The choice to legalize recreational cannabis isn’t as easy as proponents say it is | Opinion

The expectation that adults would legally use marijuana, while children would not, is clearly misguided

Sen. Mike Regan, R-York, speaks during a Senate Law and Justice Committee hearing on legalizing adult-use cannabis on Monday, Feb. 28, 2022. (Screenshot)

By Thomas C. Gross

As he’s pursued the legalization of recreational adult-use cannabis, state Senate Law & Justice Committee Chairperson Mike Regan, R-York, has said he believes a new policy would provide safety, age control, and revenues. He has described this as a simple choice. As I have found in my 45 years of law enforcement, the choice is not so simple.

While many states have legalized marijuana use, this decision must be viewed in light of the benefits and the risks.

The expectation of safety, control, and revenues has not been realized in those states and we should expect no better. The expectation that adults would legally use marijuana, while children would not, is clearly misguided.

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We know that children are using marijuana at a dangerous rate in legalized environments. This use is more difficult to prevent and detect. There is increased use of easily obtained legal marijuana, as well as horrifying accounts of the effects of increased use and extremely potent forms of this substance. These consequences have been well documented and need to be fully reviewed during any legalization process.

In a series of hearings, Regan’s committee heard testimony from many who stand to benefit financially from legalized marijuana. It is clear that big corporations stand to make big profits and exert profound influence. The Senator himself points out that there is a choice between billions in illegal sales or tax revenues. Again, those states where sales have been legalized have seen increases in illicit sales as well as diversion and regulatory chaos.

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The criminal distribution has not stopped and arrests, and convictions as incarcerations continue.

There has been little comment regarding the effects of marijuana on violent criminal behavior and the experience that law enforcement has with exponential increases in impaired driving due to marijuana use. Enforcement of this behavior is complicated, expensive, and has not kept up with the increases in marijuana impaired accidents and fatalities occurring with legalization.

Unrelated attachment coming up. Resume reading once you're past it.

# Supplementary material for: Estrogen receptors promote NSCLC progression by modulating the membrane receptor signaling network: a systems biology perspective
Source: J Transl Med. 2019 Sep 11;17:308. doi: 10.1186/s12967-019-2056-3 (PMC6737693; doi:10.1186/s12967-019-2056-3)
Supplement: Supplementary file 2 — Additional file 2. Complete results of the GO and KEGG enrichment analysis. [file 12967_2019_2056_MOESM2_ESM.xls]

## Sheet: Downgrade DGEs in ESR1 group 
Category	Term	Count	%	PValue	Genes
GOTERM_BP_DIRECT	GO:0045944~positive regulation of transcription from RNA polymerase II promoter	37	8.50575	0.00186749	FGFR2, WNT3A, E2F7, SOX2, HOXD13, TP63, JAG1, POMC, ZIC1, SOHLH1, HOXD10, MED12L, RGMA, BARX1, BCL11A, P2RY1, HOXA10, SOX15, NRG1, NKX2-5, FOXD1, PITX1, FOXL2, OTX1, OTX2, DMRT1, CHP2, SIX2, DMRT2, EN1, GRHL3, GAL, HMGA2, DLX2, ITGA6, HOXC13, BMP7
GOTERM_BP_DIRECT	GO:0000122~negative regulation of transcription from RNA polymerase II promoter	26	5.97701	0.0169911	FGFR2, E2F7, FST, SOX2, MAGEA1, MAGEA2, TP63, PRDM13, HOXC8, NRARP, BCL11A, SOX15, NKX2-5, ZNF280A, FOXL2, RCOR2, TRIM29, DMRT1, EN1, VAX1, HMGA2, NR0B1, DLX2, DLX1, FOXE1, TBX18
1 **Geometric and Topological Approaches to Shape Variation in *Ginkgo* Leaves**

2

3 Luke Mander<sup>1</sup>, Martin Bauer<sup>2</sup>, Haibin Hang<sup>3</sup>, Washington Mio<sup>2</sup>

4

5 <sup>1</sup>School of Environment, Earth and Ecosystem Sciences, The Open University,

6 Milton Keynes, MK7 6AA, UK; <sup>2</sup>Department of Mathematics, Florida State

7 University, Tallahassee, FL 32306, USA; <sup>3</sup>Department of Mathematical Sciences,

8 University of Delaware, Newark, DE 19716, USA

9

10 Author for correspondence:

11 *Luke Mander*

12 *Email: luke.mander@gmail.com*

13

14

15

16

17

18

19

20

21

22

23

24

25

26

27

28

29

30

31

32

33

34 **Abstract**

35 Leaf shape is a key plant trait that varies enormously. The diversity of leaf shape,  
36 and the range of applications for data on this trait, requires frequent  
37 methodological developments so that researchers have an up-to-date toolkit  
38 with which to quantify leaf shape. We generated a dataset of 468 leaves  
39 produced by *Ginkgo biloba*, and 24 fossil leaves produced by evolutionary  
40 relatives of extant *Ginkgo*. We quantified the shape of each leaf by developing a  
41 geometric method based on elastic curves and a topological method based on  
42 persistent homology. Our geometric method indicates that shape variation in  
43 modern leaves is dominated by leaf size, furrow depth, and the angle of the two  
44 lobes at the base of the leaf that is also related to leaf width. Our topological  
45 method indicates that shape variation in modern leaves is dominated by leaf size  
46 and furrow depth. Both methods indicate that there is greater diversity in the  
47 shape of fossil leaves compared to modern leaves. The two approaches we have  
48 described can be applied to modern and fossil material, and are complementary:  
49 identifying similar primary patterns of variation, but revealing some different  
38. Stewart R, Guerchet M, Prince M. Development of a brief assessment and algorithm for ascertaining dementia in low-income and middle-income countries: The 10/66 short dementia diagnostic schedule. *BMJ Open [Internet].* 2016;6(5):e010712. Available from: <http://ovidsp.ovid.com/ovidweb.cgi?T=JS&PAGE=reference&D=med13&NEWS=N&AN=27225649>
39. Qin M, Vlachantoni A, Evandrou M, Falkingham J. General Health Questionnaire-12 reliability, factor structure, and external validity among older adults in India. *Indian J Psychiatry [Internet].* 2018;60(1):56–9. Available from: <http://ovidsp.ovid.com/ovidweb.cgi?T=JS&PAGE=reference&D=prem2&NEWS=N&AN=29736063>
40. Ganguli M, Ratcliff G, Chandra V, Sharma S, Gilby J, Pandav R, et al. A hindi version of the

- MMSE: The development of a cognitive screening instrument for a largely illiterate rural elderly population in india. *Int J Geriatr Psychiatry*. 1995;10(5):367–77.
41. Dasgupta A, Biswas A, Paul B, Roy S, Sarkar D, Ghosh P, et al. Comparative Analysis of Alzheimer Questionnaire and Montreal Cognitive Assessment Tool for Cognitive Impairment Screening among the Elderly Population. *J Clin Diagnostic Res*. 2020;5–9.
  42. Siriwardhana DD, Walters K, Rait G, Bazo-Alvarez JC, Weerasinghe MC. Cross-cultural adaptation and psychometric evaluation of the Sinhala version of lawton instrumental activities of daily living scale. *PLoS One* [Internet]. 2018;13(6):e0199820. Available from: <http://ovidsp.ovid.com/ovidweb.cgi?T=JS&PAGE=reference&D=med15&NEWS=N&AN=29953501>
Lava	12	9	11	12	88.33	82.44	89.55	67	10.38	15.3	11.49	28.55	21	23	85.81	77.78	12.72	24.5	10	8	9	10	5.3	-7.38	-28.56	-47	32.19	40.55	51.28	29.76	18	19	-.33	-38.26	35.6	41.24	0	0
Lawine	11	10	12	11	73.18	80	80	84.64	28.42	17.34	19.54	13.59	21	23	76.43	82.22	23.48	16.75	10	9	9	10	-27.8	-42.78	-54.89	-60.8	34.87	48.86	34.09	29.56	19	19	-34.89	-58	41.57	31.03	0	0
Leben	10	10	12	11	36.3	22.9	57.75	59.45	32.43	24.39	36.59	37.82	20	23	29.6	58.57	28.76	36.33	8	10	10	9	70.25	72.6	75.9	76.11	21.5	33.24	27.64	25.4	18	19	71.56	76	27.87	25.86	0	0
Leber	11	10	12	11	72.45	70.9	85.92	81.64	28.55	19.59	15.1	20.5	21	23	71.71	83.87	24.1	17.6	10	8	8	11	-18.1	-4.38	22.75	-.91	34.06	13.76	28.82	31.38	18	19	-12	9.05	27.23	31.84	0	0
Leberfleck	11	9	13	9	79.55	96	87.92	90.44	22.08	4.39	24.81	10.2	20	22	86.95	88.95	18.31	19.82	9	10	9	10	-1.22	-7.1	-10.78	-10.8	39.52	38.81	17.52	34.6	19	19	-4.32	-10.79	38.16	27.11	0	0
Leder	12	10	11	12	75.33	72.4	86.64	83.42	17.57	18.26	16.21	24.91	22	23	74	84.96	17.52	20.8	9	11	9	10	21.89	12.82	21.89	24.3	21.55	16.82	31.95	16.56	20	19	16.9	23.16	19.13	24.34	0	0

Finally, while there appears to be an increase in support for legalization of marijuana, we urge caution in considering popular support as a mandate. Regan mentions, without reference, a poll that shows 90 percent of Pennsylvanians agree with marijuana legalization, regulation, and taxation.

Law enforcement professionals have more contact with the public than any other government employees. We have seen the effects of marijuana use and heard from our colleagues in states with legal use.

We recognize that societal change occurs, and we will always need to adapt. But we must also have an opportunity to share our experience and knowledge regarding the impact on public safety of marijuana legislation.

The effort to legalize is at significant risk of causing more harm to children, more crime, and more danger on the highways in order to provide more opportunity for more people to get more high more often.

Thomas C. Gross is the former chief of the York City Police Department. He writes on behalf of the Pennsylvania Chiefs of Police Association, a professional association based in Dauphin County.

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Capital-Star Guest Contributor
Capital-Star Guest Contributor

The Pennsylvania Capital-Star welcomes opinion pieces from writers who share our goal of widening the conversation on how politics and public policy affects the day-to-day lives of people across the commonwealth.